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I have written a function that copies memory from one destination to another. I would like you to view my code and tell me if I have to fix something. That's the code:

void* memCopy(void* destination, const void* source, size_t size)
{
    double *a = (double*)source, *b = (double*)destination;
    void* end = a + (size / sizeof(double));
    while ((void*)a < end)
    {
        *b = *a;
        ++a;
        ++b;
    }
    char* a2 = (char*)a;
    char* b2 = (char*)b;
    end = a2 + (size % sizeof(double));
    while (a2 < end)
    {
        *b2 = *a2;
        ++a2;
        ++b2;
    }
    return destination;
}

I have used double* to make the function faster.

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    \$\begingroup\$ I'm not a fan of while loops for anything other than (near-)infinite loops. Is there a reason you used them instead of for loops? For reference, this is how one version of memcpy does it. \$\endgroup\$
    – Mast
    Apr 7 at 10:31
  • \$\begingroup\$ @Mast agree-ish; but not because I have a specific aversion to while; rather because for is specifically a better fit here since it has a clear loop counter \$\endgroup\$
    – Reinderien
    Apr 7 at 14:43
  • \$\begingroup\$ The K&R approach would probably be "while((void *)a < end) { *b++ = *a++;}" ;-) \$\endgroup\$ Apr 7 at 15:27
  • \$\begingroup\$ If you look at the source for many x86 versions, you'll see that it 'top and tails' the copies on alignment boundaries, and then uses larger moves in the middle. Similar to how you are handling the end case. \$\endgroup\$
    – Neil
    Jul 5 at 15:22
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Your code doesn't compile cleanly with GCC:

move.c: In function 'memCopy':
move.c:16:15: warning: comparison of distinct pointer types lacks a cast
     while (a2 < end)
               ^

Also 2 brief points:

  1. Why reinvent the wheel? Most implementations of memcpy, memmove etc in the standard libraries will be correctly and efficiently implemented, in many cases not using pure C.
  2. Your code assumes that both source and data are correctly aligned to be accessed as double. If they are not, depending on the platform the code may a) perform badly, b) give incorrect results or c) simply crash, unless I'm much mistaken. It happens to run (apparently correctly) on my PC, but that's no guarantee of portability.

The FreeBSD implementation shows how this can be done, assuming that that the mapping of pointers to uintptr_t gives values which can be masked appropriately - this is true of the relevant targets of the code, but may not be universally so.

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    \$\begingroup\$ Yes, exactly. I'd guess that Ivan tested on some form of x86, which is very forgiving about unaligned access. Most processors will bus fault at best. \$\endgroup\$ Apr 7 at 11:00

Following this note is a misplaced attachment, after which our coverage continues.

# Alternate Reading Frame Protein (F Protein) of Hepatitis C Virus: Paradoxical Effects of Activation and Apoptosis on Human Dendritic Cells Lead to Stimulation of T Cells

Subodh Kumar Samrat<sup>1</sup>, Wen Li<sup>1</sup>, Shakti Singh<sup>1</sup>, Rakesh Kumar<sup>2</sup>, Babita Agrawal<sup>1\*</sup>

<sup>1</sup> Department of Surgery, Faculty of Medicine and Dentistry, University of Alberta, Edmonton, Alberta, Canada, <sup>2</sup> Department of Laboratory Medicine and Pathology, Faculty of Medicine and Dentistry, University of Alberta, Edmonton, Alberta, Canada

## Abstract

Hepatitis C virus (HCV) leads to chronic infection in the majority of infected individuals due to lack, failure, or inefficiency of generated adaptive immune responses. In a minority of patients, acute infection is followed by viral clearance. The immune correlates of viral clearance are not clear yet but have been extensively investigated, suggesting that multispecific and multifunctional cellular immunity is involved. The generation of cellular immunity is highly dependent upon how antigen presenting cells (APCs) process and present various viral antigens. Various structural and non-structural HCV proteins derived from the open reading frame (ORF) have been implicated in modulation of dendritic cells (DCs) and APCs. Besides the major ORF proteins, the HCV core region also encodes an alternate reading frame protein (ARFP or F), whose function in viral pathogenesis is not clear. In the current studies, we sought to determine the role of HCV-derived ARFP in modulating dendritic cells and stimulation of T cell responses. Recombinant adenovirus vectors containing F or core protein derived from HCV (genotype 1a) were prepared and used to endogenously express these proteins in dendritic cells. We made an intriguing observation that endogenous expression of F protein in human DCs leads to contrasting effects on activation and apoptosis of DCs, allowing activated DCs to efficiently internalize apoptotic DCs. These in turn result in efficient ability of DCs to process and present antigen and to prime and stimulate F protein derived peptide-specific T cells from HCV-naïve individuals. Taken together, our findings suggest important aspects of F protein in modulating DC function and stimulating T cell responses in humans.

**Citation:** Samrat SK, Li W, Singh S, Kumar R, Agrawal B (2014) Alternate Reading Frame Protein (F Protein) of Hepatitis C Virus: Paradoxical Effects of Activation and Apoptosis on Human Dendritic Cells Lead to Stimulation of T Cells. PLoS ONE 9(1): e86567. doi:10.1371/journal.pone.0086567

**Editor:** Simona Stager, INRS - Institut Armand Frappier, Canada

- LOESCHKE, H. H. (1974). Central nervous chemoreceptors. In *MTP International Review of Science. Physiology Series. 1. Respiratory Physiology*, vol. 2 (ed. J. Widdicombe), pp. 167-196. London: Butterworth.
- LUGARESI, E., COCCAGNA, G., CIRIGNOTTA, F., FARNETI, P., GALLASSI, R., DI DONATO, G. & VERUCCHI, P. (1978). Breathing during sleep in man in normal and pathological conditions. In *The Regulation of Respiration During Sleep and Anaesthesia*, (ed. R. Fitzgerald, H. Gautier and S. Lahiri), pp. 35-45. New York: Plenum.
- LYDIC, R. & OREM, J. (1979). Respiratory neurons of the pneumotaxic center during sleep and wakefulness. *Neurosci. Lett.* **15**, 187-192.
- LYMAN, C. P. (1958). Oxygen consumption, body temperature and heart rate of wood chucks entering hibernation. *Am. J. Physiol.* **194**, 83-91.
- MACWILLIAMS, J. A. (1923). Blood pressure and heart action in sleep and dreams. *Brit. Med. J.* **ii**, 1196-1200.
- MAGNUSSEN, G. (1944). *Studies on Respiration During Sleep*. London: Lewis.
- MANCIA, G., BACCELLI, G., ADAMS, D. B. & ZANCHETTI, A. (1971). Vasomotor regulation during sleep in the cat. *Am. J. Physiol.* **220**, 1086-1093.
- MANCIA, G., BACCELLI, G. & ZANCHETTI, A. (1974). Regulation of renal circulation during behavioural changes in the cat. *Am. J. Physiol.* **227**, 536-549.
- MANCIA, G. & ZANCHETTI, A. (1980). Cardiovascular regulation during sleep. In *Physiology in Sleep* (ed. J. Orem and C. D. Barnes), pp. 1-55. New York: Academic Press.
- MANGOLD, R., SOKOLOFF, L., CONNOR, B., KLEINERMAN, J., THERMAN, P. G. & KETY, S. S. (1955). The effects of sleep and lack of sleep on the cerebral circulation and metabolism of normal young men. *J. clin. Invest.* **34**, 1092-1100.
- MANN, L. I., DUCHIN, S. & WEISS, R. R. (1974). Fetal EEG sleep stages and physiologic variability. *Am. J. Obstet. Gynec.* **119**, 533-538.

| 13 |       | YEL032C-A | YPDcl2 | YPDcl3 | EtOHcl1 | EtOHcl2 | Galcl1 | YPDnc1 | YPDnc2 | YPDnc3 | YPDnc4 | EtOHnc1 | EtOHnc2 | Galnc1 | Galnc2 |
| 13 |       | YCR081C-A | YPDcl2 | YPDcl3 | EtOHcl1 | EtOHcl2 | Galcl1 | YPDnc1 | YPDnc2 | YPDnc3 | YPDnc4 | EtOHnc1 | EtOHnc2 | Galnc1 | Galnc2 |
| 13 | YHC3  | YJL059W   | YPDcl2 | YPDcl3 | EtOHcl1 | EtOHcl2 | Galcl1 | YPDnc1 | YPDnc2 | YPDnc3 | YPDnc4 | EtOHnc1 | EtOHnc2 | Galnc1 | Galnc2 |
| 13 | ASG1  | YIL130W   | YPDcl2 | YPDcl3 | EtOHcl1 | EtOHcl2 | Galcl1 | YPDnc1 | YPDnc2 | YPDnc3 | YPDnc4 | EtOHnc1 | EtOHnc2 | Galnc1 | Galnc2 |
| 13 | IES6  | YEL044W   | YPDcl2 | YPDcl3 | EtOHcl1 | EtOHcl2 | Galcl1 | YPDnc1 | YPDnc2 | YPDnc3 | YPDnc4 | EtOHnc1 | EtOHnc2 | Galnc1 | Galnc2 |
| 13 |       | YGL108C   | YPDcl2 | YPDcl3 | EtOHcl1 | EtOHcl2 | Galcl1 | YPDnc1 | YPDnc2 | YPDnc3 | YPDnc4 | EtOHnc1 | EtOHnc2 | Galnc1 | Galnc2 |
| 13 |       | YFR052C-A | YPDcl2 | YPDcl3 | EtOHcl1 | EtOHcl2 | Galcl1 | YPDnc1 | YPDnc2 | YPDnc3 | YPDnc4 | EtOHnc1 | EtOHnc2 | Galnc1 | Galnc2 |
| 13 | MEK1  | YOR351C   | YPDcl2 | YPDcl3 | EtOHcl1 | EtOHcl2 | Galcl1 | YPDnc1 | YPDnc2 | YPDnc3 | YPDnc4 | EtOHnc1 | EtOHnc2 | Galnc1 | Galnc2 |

• \$\begingroup\$ Mark, Hmm, FreeBSD uses if ((unsigned long)dst < (unsigned long)src) {. I'd expect if ((uintptr_t)dst < (uintptr_t)src) {, that it is a bug when uintptr_t is wider than unsigned long. \$\endgroup\$ Apr 9 at 10:32
  • \$\begingroup\$ @chux-ReinstateMonica I doubt that uintptr_t was even a twinkle in a C developer's eye when that code was developed - it's pretty ancient. I suspect that until it fails, it'll be left as is. As your answer mentions, it does deal with overlaps by appropriate directional copying. I didn't comment on the use of double, as you do, as I wasn't totally sure of my ground, but I agree with your concerns. \$\endgroup\$ Apr 9 at 12:02
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    \$\begingroup\$ @MarkBluemel My recommendation does not introduce uintptr_t usage as the linked code already uses uintptr_t in if ((t | (uintptr_t)dst) & wmask) {. Unfortunately it does not use uintptr_t uniformly. \$\endgroup\$ Apr 9 at 15:52
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In addition to @Mark Bluemel good answer:

Overlap

A difference between memcpy() and memmove() is the ability to handle overlapping buffers. Notice the keyword restrict.

void *memcpy(void * restrict s1, const void * restrict s2, size_t n);
void *memmove(void *s1, const void *s2, size_t n);

restrict roughly implies access to the buffer is not interfered with by other activity.

memCopy() code does not copy well overlapping buffers when the source precedes the destination. It is more like

void* memCopy(void* restrict destination, const void* restrict source, size_t size)

By using restrict, the compiler can invoke additional optimizations.

A solution to act like memmove() involves looping up or down depending on which is greater source or destination. The trick is that this compare for pointer greatness is not certainly possible in C. memmove(), as a library function, has access to information C does not. Yet a compare of pointers converted to an integer is usually sufficient.

Types

double is not the way to go. *b = *a; is not guaranteed to copy the bit pattern nor potentially triggering a signaling not-a-number exception. Best to avoid involving floating-point concerns. Instead use a wide unsigned integer type, perhaps uintmax_t, unsigned long long, or uint64_t. (Pros and cons for each. I'd go for uint64_t when available.)

On ancient machines, *b2 = *a2; can invoke a trap. Instead use unsigned char *a2; unsigned char *b2;

Zero size

memCopy(..., ..., 0) is properly handled. Bravo! - a common mistake avoided here.

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